The Serious Business of Fat-Shaming Babies
The furor over the “I Hate My Thighs” baby onesie may seem absurd, but very real, and serious, weight issues are projected on to children early.
The Internet outrage machine has fixated its unblinking eye on baby onesies that say, “I Hate My Thighs.” Ms. Magazine senior editor Michelle Kort raised the alarm in a blog post, acknowledging that the onesies were clearly a joke “But really, there's something icky about projecting fat awareness on babies."
The manufacturer Wry Baby initially pulled the onesie off their site, but then changed their mind. They added the “I Hate My Thighs” onesie back, but added one that also said, “Love Me For My Legrolls.”
Team Wry Baby then threw down the gauntlet in the comments section of the Ms. Blog post, inviting everyone to weigh in with their wallet. “I Hate My Thighs” and “Love Me For My Legrolls” would both be available for purchase—whichever one sold less would be deleted from the site.
Wallet or not, everyone is weighing in. Critics say the onesie promotes body shaming. Critics of the critics say everyone needs to relax. The Today show did a segment—Matt Lauer was shocked people were offended.
My initial reaction was, how ridiculous, it’s a joke. Can’t anyone take a joke anymore? Get off my lawn.
And then, like a bolt of lightening from a feminist god, I remembered a childhood anecdote. Apparently, when I was 2 years old, my aunt looked at my chubby baby body and told my mom, “Oh, Kathy, how tragic. She has your thighs.”
Mom freaked out and then the joke became how overly sensitive she was. But she came by it honestly. Mom was the designated “fat girl” in her family. Looking at photos, she was completely healthy, but my aunts were wiry and thin.
Grandma tried to whittle Mom’s body into theirs, for her own good, because being skinny is somehow a virtue. She’d line them up, and point out my mom’s pudge vs my aunt’s bony hips.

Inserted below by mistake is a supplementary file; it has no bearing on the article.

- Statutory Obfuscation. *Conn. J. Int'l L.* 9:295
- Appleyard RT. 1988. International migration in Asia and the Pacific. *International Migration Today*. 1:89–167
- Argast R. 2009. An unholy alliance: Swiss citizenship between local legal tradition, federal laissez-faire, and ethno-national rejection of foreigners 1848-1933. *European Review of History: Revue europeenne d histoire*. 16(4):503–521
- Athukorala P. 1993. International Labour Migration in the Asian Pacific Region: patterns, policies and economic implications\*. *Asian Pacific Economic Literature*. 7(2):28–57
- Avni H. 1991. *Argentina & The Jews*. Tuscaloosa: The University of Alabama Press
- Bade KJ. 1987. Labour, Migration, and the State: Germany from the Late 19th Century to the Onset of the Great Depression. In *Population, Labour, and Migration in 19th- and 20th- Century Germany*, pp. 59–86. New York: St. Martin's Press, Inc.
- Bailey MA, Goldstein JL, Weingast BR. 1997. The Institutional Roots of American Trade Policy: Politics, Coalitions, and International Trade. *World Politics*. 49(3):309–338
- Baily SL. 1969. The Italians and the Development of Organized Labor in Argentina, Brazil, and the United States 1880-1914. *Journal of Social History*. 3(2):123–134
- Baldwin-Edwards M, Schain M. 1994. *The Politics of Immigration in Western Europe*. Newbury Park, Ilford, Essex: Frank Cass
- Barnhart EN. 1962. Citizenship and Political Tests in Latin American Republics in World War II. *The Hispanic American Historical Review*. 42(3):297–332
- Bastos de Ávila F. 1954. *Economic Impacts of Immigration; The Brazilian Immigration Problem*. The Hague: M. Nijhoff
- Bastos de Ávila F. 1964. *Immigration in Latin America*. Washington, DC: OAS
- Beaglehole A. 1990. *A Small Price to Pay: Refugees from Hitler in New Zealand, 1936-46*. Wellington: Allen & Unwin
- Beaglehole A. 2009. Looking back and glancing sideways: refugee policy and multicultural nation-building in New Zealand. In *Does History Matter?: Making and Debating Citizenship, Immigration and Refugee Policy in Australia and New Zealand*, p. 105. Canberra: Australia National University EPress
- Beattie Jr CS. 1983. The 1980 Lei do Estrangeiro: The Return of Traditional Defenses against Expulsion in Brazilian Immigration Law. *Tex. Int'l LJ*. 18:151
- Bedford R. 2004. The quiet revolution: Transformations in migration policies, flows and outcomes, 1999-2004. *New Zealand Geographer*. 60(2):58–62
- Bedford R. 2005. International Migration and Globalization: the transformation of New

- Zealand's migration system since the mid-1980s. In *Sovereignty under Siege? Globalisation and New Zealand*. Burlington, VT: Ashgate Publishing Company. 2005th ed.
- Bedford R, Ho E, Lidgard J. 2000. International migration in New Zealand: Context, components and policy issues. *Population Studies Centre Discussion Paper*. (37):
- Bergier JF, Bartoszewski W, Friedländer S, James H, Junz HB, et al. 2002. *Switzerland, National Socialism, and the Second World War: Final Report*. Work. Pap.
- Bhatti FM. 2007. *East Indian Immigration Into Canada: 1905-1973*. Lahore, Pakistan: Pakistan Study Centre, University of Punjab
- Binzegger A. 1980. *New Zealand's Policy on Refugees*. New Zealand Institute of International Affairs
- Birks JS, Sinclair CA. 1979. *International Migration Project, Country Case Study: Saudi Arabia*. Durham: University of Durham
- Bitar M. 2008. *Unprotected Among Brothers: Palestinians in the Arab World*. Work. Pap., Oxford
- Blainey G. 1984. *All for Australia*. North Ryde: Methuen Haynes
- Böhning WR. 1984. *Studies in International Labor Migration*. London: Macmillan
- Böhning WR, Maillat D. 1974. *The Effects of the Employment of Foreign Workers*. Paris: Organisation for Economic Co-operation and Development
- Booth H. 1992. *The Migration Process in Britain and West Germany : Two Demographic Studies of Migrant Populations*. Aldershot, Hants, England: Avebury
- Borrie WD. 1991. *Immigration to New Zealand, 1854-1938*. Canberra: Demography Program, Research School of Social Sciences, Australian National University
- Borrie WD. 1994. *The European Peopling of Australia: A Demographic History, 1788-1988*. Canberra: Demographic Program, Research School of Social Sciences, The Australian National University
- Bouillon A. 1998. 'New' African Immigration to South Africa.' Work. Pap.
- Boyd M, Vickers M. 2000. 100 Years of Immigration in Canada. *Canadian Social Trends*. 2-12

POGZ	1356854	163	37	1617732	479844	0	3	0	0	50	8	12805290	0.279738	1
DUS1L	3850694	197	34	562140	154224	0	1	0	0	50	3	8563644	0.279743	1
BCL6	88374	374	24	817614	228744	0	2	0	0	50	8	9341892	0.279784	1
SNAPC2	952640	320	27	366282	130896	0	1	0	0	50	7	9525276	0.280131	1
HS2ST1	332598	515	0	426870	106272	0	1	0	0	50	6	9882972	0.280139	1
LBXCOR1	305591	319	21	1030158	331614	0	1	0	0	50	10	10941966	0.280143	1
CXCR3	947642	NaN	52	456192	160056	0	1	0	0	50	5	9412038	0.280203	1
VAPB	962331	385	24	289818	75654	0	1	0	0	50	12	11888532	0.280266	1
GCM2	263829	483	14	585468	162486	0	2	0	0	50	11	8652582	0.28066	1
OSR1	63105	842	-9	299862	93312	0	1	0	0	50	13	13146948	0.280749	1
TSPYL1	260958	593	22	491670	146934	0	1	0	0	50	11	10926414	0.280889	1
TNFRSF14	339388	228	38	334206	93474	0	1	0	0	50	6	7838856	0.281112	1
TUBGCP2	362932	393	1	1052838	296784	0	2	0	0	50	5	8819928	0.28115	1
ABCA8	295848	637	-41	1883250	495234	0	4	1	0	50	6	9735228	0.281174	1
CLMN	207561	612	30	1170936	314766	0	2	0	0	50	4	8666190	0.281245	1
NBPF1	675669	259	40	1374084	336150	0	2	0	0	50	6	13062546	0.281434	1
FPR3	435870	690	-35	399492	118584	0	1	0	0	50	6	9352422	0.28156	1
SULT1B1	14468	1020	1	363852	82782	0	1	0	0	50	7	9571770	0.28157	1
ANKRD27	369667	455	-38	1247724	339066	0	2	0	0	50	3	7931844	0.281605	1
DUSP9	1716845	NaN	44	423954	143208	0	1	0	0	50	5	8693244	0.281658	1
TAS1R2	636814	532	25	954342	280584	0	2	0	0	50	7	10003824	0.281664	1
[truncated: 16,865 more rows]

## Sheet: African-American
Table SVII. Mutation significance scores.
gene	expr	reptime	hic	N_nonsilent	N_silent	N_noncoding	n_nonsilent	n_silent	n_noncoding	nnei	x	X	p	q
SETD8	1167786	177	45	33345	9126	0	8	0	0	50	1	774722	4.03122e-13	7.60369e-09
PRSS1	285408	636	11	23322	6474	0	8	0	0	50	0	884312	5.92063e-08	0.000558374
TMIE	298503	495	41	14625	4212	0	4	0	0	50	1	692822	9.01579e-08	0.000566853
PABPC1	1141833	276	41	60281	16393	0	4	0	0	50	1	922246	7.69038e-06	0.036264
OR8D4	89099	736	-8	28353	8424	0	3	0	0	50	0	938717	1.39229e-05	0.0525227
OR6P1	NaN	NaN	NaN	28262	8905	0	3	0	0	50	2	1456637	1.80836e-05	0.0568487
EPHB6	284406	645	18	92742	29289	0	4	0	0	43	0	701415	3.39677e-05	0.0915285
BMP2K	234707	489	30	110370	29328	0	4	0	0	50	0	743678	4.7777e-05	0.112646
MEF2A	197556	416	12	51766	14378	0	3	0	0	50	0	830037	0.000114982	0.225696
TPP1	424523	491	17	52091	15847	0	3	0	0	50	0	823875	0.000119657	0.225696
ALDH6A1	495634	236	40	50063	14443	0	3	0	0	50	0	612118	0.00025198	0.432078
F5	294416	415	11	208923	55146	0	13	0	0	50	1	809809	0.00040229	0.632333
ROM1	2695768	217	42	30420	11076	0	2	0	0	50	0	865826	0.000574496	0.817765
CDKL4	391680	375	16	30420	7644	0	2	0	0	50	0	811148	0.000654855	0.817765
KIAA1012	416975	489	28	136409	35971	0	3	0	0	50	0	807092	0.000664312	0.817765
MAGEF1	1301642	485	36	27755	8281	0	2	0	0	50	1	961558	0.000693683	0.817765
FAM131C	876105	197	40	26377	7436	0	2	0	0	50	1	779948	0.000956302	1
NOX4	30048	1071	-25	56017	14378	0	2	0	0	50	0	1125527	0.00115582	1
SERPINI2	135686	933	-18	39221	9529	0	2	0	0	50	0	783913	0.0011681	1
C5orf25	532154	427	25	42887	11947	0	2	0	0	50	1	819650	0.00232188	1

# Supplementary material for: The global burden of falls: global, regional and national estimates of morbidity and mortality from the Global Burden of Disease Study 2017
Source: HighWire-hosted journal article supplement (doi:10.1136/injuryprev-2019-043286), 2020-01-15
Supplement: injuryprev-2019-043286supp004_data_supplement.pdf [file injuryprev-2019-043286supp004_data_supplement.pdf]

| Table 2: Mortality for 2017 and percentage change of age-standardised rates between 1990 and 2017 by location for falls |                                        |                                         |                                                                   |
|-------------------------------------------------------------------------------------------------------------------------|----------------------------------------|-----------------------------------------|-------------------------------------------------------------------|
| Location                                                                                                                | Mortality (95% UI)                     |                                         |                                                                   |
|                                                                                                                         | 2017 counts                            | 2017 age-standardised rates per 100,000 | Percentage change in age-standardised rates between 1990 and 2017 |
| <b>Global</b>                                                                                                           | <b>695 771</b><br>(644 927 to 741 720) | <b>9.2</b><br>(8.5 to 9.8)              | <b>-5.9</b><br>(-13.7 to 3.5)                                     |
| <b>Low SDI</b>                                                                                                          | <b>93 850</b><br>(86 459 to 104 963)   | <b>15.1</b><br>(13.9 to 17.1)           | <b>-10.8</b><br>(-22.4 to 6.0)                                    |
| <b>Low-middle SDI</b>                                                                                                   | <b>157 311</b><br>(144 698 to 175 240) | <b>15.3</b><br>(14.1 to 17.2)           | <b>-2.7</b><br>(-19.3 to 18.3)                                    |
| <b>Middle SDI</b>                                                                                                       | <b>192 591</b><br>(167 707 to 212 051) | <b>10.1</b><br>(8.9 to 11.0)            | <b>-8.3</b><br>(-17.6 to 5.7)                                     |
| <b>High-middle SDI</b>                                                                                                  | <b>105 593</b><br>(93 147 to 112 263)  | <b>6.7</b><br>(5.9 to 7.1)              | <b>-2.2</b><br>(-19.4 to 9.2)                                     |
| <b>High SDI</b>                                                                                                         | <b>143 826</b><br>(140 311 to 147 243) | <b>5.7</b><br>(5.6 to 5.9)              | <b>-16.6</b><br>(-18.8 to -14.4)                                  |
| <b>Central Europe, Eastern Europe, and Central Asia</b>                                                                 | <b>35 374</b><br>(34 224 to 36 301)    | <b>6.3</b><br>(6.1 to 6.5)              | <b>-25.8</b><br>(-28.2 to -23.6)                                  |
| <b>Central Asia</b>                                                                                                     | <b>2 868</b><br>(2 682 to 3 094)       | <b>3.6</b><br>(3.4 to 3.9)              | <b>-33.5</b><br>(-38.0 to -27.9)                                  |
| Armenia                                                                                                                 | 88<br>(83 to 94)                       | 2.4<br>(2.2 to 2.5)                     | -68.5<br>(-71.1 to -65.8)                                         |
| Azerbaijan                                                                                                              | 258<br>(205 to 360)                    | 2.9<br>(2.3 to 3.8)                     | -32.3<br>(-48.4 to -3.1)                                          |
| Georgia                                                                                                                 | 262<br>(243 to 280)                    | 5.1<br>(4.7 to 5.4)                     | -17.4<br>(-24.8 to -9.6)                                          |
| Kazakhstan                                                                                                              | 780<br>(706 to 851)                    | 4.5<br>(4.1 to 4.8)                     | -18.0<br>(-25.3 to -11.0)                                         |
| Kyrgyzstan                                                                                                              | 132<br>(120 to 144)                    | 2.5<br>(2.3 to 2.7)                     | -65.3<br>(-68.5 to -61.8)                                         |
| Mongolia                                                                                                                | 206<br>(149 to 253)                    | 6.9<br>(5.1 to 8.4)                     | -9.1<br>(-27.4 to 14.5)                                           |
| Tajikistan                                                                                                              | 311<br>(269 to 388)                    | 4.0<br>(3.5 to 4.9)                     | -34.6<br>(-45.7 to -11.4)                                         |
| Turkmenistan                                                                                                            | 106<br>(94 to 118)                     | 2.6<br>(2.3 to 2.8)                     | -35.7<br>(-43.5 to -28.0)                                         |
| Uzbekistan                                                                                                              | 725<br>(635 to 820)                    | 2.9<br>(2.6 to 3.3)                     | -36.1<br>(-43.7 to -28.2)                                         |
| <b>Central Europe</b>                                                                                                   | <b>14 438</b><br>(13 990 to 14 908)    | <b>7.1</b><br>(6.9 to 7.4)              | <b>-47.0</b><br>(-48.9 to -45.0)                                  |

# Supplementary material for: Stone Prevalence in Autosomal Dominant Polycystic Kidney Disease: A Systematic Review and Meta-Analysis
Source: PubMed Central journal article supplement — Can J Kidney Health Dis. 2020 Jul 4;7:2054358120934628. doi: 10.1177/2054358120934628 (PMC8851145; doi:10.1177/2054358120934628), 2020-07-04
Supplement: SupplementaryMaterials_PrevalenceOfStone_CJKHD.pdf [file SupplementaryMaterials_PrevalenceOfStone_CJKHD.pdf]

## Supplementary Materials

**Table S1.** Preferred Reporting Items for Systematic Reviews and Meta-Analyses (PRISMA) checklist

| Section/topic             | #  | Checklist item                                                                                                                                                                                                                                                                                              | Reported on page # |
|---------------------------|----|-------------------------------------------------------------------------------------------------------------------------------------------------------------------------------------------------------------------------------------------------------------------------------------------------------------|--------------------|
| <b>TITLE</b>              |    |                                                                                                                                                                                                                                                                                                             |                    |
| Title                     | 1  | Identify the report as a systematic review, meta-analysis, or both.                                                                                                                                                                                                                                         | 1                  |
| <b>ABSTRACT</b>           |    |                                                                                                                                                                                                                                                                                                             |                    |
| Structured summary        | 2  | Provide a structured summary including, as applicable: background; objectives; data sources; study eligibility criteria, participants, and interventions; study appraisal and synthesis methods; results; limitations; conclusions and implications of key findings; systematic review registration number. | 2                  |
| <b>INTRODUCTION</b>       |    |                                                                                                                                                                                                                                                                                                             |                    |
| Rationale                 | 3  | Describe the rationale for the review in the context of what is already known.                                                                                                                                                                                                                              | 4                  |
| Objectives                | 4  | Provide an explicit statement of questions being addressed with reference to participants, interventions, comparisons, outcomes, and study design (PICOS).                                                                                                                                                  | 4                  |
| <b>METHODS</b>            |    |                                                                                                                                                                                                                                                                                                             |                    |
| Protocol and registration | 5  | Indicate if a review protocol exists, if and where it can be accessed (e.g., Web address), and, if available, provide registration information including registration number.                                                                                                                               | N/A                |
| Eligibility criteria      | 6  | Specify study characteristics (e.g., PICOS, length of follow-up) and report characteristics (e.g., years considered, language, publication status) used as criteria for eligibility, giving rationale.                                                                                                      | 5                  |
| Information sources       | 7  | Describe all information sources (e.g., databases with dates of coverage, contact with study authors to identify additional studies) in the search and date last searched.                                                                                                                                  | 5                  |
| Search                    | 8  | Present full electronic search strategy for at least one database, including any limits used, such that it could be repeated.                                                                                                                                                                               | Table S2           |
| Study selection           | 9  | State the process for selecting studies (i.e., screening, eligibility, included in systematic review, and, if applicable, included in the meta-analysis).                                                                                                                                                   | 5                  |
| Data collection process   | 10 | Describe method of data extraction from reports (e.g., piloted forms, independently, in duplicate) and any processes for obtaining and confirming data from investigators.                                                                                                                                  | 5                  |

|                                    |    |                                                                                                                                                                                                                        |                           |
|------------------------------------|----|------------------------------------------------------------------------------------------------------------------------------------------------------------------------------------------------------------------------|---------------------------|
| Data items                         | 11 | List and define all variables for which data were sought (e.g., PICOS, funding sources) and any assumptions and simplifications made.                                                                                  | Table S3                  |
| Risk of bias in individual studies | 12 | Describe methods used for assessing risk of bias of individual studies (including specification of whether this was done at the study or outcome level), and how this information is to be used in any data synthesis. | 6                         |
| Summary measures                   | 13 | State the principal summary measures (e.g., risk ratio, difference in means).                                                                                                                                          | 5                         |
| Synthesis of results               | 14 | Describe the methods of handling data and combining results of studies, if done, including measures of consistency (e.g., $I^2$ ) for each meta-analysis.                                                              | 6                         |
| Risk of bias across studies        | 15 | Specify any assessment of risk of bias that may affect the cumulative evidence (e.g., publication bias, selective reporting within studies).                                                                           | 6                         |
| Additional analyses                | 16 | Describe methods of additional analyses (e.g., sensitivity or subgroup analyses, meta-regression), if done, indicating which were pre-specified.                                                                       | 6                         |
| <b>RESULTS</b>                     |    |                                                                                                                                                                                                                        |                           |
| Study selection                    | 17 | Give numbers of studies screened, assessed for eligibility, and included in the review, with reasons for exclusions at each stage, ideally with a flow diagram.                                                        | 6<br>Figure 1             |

When Mom walked into a room, her brother would singsong “Fatty, Fatty, two-by-four, can’t fit through the kitchen door,” and that was fine because maybe it would encourage her to lose weight.
When I was 5, I told Mom that I thought the softness around my belly was cute. She burst into hysterical tears in horror. We started dieting together, exercising together. Every time I wanted a cookie, I had to ride my bike to earn it.
Whenever I wore a bathing suit, she’d examine me and declare that my thighs were my problem area, just like her and I could defeat them if I worked hard enough. I would be better, she said, if I could just eat less and exercise more.
It’s still a whisper in the back of my mind when I look in the mirror. I have other, more rational thoughts that are louder and stronger—I am healthy and strong and I’m not ruining my day or my life over some flub, but that whisper is oddly pervasive.
It feels like ancient wisdom, a truth passed down from generation to generation, from my mother’s mother to her to me, an inheritance that cannot be dismissed by my flimsy, learned empowerment.
My experience is not unusual. Eighty-one percent of 10-year-olds are worried about being fat. Fifty percent of teenage girls report that they try to control their weight with unhealthy behavior like fasting or purging or laxative abuse. On average, women spend 31 years of their lives on a diet.
Which brings me back to that baby onesie. All roads lead to the baby onesie. It is, in and of itself, a totally benign thing. It’s a joke! It’s cute! It brings to mind adorable chubby baby thighs and that is always a good thing!
But it exists in a world where we are taught that women’s bodies are open to review. Perhaps no one would ever be terrible enough to judge a baby’s body, but that body will be criticized viciously later in life.
If the outrage over this onesie was just a reaction to the onesie, yes, it would be outsized and overly sensitive, self-righteous and overly serious. But as an outcry against a tradition that encourages “self-improvement” through self-hatred, it is a fine response.
Little girls should hear a thousand shrieking Internet nags insisting that no one has a right to judge their thighs, not even as a joke. They should hear it over and over, until it becomes something engrained, until it feels like a truth passed down like ancient wisdom.
By the way, the “I Hate My Thighs” onesie is no longer available. In the great onesie death match, “Love Me For My Legrolls” emerged victorious.